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Alternate Name: 
Address:Sakyo-ku, Nanzenji, Kusagawa-cho 
Mailing Address: 
Postal Code: 
Latitude/Longitude:lat=35.11667; long=135.8
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Designer(s):Ogawa Jihei 
Contruction Date:1892-96 (Meiji 25) 
Hours:9:00-12:00, 1:00-4:30; Closed Monday 
Added to JGarden:1/1/1996 
Last Updated:8/3/2002 
JGarden Description:Murinan is the former home and final residence of Yamagata Aritomo, a Meiji statesman and garden enthusiast. Yamagata worked with Ogawa Jihei on this garden and the attached two-story sukiya style house from 1892 to 1896. As a product of the Meiji period, this home represents a juxtaposition between a classic taste and the Western-influenced modernism that was influential in Japan at the time. The one hectare site is primarily covered with mowed lawn, but two yarimizu streams, clusters of stones and clipped shrubs line the water features that meander across the space. It is one of the finest residential gardens open to the public in Kyoto.

The garden is located in SE Kyoto, near Nanzenji and the Miyako Hotel.

Yamagata Aritomo1, a member of the aristocracy and a veteran statesman the late 19th century, bought land in the Kusakawa-cho neighborhood and proceeded to build a villa and garden there in 1892, completing it in 1896. He hired Ogawa Jihei as his designer. Ogawa will reappear as the designer of a number of gardens in the Meiji period including Heian Shrine and Shinshin-an,and he had a hand in virtually all of those constructed in Kusakawa-cho.

In this case Ogawa created a stroll garden around two pairs of brooks and shallow ponds, all fed by water from the new canal. He "captured alive" (ikidori or shakkei) the entire Higashiyama mountain range through the device of two groves of trees growing in the area around the property. The trees form both the vertical elements and the horizontal trimming line to frame the mountains. Below the gap in the trees, the eye is drawn down a three-tiered cascade from which the water flows over a miniature rapids into the first pond. A second stream flows from the north part of the garden and is spanned by a bridge from which a rock composition at the confluence of the streams can be seen. Other such compositions are interspersed among the clipped shrubs in a way that draws the eye across the intervening lawn space.

A member of the so-called "literary" tradition and considered a progressive thinker in his time, Yamagata's preferences were toward what was known as the "naturalistic" rather than the more stylized gardens and limited palette of earlier periods. Despite this, the garden is firmly rooted in the Edo stroll garden tradition with Ogawa offering little innovation other than the introduction of some European plant materials and the deployment of patches of lawn around the buildings. The topiaried azalea, the use of shakkei to draw outside elements into the garden, and the revealing and hiding of views as one passes around a prescribed path are the techniques that structure the experience of the garden and would be recognizable to anyone familiar with gardens throughout the last two centuries.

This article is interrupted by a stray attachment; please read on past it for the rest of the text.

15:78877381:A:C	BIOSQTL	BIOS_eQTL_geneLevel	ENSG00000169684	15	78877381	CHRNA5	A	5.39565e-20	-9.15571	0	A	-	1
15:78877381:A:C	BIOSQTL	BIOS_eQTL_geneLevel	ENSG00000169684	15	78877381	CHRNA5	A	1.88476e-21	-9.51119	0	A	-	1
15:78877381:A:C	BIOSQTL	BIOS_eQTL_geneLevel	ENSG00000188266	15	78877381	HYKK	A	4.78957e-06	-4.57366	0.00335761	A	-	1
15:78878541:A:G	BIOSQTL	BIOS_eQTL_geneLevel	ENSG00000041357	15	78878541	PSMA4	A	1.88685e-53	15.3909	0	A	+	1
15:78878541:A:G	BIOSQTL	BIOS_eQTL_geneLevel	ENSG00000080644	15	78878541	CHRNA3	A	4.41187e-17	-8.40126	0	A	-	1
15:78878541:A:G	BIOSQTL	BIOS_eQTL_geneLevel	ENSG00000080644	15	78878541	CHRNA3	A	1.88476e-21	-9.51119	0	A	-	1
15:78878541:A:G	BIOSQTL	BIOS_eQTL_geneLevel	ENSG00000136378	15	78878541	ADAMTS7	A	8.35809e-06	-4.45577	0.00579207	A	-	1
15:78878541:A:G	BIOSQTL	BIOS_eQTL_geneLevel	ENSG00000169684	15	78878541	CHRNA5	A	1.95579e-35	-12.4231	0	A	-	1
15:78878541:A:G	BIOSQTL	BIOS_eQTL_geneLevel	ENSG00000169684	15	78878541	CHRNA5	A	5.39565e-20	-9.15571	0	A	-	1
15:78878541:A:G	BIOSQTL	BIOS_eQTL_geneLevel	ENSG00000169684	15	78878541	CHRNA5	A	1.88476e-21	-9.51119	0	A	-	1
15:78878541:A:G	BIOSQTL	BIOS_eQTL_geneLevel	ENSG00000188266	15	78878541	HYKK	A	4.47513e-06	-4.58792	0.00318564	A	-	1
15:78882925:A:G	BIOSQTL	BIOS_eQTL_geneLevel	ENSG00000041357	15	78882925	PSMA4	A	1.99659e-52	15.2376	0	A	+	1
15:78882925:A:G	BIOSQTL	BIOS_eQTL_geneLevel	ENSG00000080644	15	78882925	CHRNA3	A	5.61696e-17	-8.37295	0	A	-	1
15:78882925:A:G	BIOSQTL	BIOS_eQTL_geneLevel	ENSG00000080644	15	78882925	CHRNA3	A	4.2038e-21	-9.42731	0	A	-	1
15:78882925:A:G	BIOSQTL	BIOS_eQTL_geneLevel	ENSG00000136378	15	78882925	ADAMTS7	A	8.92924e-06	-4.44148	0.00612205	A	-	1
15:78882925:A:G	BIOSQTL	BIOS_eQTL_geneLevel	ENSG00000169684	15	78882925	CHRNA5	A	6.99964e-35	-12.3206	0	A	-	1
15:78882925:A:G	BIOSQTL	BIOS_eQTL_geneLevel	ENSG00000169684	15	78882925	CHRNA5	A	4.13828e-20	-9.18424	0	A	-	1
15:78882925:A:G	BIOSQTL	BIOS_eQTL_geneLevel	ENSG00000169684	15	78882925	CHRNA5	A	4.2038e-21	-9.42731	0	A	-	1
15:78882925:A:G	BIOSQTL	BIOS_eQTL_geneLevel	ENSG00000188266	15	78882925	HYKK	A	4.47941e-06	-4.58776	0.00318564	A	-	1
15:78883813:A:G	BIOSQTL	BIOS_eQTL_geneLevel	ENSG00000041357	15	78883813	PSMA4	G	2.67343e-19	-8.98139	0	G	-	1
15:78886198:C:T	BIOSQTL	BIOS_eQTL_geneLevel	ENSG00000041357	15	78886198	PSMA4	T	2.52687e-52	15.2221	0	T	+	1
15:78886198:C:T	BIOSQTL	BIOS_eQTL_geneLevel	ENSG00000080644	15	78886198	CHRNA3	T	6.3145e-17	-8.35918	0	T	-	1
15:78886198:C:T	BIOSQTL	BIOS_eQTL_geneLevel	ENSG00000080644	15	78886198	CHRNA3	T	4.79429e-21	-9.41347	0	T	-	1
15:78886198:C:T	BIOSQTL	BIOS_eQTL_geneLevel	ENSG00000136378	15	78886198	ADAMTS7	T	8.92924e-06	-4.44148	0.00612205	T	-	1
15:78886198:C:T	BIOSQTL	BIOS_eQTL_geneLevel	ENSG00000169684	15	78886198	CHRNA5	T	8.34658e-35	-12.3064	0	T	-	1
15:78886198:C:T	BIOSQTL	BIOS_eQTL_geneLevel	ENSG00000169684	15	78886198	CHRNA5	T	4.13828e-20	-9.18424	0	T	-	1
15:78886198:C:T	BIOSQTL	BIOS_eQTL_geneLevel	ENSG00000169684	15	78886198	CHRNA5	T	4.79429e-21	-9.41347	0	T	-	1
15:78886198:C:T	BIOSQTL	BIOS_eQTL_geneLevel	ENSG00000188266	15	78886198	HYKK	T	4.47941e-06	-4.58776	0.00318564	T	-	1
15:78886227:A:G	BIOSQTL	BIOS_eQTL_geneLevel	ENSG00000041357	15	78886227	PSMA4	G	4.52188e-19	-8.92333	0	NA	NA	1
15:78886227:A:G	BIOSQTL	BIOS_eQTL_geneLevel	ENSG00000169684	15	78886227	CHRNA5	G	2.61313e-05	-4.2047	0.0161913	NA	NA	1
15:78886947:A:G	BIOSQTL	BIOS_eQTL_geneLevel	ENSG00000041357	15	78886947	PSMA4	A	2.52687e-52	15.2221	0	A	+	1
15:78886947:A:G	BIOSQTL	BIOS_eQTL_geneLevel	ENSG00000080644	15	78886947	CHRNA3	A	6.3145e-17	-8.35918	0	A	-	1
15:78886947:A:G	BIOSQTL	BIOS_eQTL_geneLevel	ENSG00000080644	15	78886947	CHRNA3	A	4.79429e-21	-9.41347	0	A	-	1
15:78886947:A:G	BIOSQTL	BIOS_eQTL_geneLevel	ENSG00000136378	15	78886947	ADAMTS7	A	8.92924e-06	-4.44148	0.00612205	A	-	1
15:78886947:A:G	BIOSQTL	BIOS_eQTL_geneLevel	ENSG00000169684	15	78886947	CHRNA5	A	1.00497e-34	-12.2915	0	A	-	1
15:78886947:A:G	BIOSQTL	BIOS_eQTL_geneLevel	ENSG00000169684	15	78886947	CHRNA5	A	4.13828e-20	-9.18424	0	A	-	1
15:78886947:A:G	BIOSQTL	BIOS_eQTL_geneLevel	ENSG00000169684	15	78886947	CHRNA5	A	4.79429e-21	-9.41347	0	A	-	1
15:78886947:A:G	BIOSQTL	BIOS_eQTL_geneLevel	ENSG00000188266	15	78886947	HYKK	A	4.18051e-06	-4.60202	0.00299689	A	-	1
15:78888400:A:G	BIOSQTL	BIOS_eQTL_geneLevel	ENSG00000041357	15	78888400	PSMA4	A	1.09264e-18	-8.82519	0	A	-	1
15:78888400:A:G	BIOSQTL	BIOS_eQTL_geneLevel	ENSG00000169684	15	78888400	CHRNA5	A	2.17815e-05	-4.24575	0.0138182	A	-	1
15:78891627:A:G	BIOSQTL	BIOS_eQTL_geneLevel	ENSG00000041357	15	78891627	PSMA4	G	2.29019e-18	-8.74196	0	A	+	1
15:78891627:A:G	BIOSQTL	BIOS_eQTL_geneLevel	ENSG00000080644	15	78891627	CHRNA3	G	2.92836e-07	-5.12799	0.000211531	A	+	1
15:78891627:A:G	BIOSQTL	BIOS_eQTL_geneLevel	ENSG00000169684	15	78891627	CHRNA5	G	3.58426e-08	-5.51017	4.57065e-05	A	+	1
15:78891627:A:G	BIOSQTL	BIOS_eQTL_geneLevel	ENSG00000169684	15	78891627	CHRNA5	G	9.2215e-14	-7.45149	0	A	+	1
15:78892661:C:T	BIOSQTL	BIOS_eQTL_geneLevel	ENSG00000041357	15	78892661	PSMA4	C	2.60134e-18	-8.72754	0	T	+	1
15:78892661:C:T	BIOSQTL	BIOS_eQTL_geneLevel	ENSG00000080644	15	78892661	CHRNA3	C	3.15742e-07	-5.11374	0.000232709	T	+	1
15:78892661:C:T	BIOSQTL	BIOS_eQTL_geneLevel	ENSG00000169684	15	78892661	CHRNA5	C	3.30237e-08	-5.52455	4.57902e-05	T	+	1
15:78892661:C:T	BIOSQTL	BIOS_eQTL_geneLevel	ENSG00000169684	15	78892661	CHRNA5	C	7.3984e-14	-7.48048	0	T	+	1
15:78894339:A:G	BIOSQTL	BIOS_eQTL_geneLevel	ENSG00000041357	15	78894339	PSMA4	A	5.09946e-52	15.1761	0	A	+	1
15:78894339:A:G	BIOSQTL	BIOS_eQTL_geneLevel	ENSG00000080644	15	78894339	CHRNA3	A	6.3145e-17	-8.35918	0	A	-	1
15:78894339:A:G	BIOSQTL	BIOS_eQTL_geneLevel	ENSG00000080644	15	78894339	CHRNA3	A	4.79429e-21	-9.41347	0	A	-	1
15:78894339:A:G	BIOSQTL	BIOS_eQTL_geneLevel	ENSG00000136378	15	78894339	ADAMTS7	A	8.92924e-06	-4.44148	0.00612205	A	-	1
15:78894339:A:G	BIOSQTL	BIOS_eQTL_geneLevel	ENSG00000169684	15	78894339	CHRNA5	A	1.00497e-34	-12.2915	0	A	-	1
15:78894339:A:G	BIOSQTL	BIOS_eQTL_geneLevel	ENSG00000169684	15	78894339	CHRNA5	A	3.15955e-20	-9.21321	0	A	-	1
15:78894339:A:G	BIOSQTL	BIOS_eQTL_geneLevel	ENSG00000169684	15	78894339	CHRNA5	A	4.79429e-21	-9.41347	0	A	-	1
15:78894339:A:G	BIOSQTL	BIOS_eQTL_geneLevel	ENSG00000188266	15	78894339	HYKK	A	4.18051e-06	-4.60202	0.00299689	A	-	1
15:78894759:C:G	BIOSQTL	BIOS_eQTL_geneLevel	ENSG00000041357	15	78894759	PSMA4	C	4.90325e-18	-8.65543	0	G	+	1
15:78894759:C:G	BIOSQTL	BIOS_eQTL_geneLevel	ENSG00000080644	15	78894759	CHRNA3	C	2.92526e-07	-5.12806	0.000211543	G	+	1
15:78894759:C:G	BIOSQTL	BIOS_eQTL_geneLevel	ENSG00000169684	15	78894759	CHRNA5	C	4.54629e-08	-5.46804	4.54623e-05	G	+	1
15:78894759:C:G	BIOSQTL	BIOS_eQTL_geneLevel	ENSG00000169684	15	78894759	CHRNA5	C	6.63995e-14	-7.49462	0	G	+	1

1. Yamagata Aritomo (1838-1922) was born a samurai of the Yamaguchi clan. The members of this family were leaders in the 1866 revolt that ultimately brought down the Tokugawa shogun two years later. As a result, they were made noble after the Restoration. Aritomo served as Minister of Justice, President of the Privy Council, general in the Sino-Japanese War and Prime Minister. In addition to Murinan, he commissioned the gardens, Chinzan-so in Tokyo and Koki-an in Odawara.

Itoh Teiji. Space and Illusion. Tokyo: Weatherhill, 1973, p. 41.
Kuck, Loraine. World of the Japanese Garden: From Chinese origins to< 

A Pair of Stones

Two chunks of gray-green stone,
their shapes grotesque and unsightly,
wholly unfit for practical uses --
ordinary people despise them, leave them untouched.
Formed in the time of primal chaos,
they took their place at the mouth of Lake Taihu,
ten thousand ages resting by the lakeshore,
in one morning coming into my hands!

Pole-bearers have brought them to my prefectural office
where I wash and scrub away mud and stains.
The hollows are black, deeply scarred in mist,
crevices green with the rich hue of moss.
Aged dragons coiled to form their feet,
old swords stuck in for the crown,
I suddenly wonder if they didn't plummet from Heaven,
so different from anything in this human realm!

One will do to prop up my lute,
one to be a reservoir for my wine.
The tip of one shoots up several yards,
the other has a hollow, will hold a gallon of liquid!
My five-stringed instrument leaning on the left one,
my single wine cup set on the right,
I'll dip from the hollowed cask and it will never go dry,
though drunkenness long since has toppled me over.

Every person has something he loves,
and things all yearn for a companion.
More and more I fear that gatherings of the young
no longer will welcome a white-haired gentleman.
I turn my head, ask this pair of stones
if they'd consent to keep an old man company.
And though the stones are powerless to speak,
they agree that we three should be friends.

  Bai Juyi [Po Chu-i]

©1996-2002, Robert Cheetham; ©2018 Japanese Garden Research Network, Inc.
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